It’s the Bee’s Knees; or, the Entomology and Etymology of “The Bee’s Knees”

Written by Mike Cassidy

Entomology is the study of insects as a branch of Zoology. Etymology is the study of the origins of words as a branch of Linguistics. So it is with our look at the phrase, term or idiom, that we know as “the bee’s knees”.

Bees carry collected flower pollen back to the hive on hairy sacks on their rear legs called corbiculae. In the process, bees have become some of the most important pollinators on the planet, and that is an extremely good thing as pollination is essential to food production and life on the planet. Nearly one-third of our food supply depends on insect pollination, most of which is accomplished by bees. Seventy percent of all flowers depend on pollination by bees, hummingbirds, butterflies, moths, wasps, beetles, and in parts of the world, bats.

Late in the 18th century the idiom ‘the bee’s knees’ meant that something was small and insignificant, but by the Roaring 20s it meant a highly admired person or thing — similar to other nonsensical expressions of approval like ‘it’s the cat’s pajamas’ or “the cat’s whiskers”. According to Merriam-Webster the first recorded use of the phrase with this meaning was in 1921. That same year Frank Meier, the famous head bartender at the Café Parisienne of the Hotel Ritz Paris (and later celebrated WWII anti-Nazi spy), created an updated version of the Gin Sour cocktail using honey in the syrup instead of plain sugar calling it “The Bee’s Knees.” Reportedly, his recipe was popular here in the U.S.A. as it was better at hiding the flavor of substandard “bathtub” gin during the American Prohibition Period.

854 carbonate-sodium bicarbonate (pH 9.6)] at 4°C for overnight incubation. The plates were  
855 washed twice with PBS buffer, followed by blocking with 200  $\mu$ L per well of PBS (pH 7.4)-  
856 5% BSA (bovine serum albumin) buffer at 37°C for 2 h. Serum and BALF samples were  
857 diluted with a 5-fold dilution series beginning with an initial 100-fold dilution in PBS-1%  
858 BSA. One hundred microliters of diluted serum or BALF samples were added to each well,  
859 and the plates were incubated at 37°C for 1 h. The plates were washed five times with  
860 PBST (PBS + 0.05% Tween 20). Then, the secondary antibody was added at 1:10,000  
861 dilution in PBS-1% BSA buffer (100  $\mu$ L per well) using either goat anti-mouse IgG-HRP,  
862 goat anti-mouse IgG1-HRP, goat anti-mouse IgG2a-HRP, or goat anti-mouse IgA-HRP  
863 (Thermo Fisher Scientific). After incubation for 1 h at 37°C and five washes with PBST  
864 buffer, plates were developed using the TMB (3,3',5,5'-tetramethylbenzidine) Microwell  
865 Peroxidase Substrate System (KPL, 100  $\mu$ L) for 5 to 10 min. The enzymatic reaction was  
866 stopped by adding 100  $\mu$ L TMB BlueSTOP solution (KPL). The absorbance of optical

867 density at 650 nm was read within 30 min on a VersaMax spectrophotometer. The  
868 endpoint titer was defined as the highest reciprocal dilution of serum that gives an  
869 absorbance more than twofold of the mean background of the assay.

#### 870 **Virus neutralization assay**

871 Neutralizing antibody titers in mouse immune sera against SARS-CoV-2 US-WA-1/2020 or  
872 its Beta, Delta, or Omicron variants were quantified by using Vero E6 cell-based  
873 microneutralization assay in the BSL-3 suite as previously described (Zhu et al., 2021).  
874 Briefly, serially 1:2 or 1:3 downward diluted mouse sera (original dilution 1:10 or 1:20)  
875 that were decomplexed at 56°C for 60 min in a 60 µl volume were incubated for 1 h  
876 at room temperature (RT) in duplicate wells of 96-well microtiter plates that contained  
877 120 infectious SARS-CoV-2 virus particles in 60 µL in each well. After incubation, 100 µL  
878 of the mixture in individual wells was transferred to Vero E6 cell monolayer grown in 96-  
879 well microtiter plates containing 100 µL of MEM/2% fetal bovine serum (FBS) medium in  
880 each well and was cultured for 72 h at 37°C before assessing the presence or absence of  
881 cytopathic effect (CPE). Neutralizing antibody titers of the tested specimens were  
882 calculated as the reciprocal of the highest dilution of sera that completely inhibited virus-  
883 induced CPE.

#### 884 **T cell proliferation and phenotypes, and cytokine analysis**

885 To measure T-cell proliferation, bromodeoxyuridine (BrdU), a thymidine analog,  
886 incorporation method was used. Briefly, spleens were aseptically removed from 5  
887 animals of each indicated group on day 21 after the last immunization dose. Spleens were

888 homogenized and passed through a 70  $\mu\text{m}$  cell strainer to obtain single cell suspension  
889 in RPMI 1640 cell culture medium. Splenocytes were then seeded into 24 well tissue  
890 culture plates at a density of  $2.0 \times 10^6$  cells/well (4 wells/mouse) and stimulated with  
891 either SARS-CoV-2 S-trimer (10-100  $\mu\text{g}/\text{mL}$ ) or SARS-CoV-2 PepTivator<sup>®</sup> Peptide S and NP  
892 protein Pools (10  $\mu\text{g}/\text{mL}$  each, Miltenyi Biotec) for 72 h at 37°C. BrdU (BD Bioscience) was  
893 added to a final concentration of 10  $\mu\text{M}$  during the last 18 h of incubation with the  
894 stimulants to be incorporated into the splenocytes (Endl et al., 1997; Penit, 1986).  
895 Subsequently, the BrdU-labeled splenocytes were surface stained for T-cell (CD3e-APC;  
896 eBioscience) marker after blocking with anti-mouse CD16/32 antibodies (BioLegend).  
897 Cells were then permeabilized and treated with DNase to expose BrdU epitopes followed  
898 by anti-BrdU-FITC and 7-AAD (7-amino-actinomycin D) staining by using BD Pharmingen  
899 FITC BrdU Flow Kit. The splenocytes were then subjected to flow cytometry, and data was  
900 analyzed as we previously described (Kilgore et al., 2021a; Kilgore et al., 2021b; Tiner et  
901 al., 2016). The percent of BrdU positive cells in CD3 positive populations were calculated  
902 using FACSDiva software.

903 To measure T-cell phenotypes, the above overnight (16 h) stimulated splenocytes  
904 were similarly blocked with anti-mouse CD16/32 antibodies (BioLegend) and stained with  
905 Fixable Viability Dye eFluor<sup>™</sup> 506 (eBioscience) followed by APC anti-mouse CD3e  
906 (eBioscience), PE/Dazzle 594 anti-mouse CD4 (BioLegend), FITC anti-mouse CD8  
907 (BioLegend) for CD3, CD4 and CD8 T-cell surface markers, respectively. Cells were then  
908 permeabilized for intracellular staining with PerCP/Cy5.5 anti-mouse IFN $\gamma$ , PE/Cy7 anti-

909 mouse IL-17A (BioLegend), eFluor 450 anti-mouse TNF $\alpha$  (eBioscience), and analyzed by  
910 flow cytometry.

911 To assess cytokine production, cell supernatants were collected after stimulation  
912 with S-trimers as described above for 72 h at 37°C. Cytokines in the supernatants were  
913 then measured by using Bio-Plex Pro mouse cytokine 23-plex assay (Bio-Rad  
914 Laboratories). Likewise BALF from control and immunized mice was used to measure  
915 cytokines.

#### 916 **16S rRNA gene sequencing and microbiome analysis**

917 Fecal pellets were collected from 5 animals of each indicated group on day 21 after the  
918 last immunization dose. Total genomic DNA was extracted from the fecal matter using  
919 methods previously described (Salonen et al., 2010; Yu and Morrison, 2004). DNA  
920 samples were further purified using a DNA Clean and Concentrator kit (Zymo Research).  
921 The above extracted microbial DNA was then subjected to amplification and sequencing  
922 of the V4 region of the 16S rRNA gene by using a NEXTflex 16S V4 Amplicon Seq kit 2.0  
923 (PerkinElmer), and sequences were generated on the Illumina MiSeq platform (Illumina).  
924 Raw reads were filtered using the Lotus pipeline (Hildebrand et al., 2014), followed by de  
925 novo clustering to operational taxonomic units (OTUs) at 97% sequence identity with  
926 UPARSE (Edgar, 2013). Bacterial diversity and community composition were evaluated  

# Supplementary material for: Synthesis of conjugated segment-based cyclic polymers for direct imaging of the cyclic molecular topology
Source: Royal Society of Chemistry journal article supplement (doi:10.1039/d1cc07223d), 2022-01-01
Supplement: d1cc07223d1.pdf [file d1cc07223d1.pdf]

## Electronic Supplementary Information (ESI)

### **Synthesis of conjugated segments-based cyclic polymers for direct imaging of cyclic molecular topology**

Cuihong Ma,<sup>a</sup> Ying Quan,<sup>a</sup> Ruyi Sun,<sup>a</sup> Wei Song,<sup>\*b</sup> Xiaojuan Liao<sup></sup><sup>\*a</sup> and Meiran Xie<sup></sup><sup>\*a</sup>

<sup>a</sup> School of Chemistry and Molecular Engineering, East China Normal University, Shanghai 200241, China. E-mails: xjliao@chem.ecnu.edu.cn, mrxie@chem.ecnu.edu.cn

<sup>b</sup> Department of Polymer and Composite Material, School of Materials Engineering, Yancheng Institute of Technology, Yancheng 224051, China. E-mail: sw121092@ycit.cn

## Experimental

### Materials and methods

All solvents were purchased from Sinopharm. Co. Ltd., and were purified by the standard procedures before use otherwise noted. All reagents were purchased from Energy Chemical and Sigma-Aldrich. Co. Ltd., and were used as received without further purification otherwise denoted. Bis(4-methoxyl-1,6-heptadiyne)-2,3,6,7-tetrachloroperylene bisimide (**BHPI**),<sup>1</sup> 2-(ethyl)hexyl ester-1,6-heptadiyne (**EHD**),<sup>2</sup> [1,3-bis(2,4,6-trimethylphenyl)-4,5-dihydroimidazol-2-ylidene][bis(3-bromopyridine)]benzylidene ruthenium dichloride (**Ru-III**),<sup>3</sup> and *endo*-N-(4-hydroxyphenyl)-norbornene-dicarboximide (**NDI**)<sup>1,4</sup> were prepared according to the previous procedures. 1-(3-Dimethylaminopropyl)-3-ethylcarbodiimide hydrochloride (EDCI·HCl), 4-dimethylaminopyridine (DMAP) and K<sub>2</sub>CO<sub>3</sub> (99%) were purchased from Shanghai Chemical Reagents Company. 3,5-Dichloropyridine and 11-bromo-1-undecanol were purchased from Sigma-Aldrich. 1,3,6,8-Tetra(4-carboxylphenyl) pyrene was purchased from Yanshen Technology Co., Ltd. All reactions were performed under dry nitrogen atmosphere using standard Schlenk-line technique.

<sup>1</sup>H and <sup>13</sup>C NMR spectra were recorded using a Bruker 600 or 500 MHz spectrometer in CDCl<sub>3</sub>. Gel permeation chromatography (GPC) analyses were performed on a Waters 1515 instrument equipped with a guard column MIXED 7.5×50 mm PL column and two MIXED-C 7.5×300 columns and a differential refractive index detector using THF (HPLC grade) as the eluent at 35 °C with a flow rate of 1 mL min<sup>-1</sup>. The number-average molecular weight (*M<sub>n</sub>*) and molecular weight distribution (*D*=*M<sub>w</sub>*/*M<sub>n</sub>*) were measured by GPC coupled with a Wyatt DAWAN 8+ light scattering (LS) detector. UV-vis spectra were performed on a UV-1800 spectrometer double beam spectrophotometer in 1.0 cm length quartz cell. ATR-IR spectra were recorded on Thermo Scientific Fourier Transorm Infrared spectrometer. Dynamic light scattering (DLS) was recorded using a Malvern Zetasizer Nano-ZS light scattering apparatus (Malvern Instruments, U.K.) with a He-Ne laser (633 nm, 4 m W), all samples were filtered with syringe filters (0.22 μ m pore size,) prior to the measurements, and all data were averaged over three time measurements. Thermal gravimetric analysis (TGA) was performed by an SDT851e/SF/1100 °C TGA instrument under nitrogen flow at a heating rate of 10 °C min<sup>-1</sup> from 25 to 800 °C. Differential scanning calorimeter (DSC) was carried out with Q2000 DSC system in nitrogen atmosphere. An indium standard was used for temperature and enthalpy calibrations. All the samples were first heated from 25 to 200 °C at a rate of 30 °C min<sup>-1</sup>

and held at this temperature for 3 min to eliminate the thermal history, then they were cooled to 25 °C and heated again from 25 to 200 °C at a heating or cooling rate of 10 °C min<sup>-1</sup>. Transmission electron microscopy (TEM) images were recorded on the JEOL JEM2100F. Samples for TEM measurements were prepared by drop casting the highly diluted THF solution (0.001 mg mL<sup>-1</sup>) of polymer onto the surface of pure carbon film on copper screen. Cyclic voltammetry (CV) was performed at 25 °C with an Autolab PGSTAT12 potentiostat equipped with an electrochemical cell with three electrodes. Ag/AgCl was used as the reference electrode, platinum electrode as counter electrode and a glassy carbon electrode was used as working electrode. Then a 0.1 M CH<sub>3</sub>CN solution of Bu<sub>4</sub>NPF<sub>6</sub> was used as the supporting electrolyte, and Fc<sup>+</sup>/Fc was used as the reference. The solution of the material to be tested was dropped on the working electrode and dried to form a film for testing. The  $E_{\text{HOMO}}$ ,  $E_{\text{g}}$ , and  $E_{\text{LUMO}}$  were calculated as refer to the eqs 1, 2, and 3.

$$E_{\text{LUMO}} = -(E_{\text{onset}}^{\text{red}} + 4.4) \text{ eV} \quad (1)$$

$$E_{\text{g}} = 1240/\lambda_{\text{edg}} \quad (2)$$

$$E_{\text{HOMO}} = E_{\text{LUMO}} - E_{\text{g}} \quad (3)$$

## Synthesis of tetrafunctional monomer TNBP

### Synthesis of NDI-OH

And now you know.

Here is a recipe for The Bee’s Knees cocktail.

2 ounces gin
3/4 ounce lemon juice, freshly squeezed
1/2 ounce honey syrup (simple syrup made with equal portions honey and water)
lemon twist

Add the gin, lemon juice and honey syrup into a shaker with ice and shake until well-chilled. Strain into a chilled cocktail glass. Garnish with a lemon twist.

Some recommend using a traditional London Dry Gin (infused with juniper) or Hendricks (cucumber & rose) or a more modern citrusy gin. I used Market Alley Gin (citrus and botanicals) made by Thistle Finch in Lancaster, PA. A few folks also recommend infusing the syrup, or garnishing, with fresh thyme or lavender, but I am not one of them. However, everyone agrees that there is no need to wait until the official Pollinators Week in June to mix your own Bee’s Knees cocktail. Any time is a good time to celebrate pollinators. Cheers!

About the author: Mike and Jeanne Cassidy tend their pollinator friendly garden in Maytown.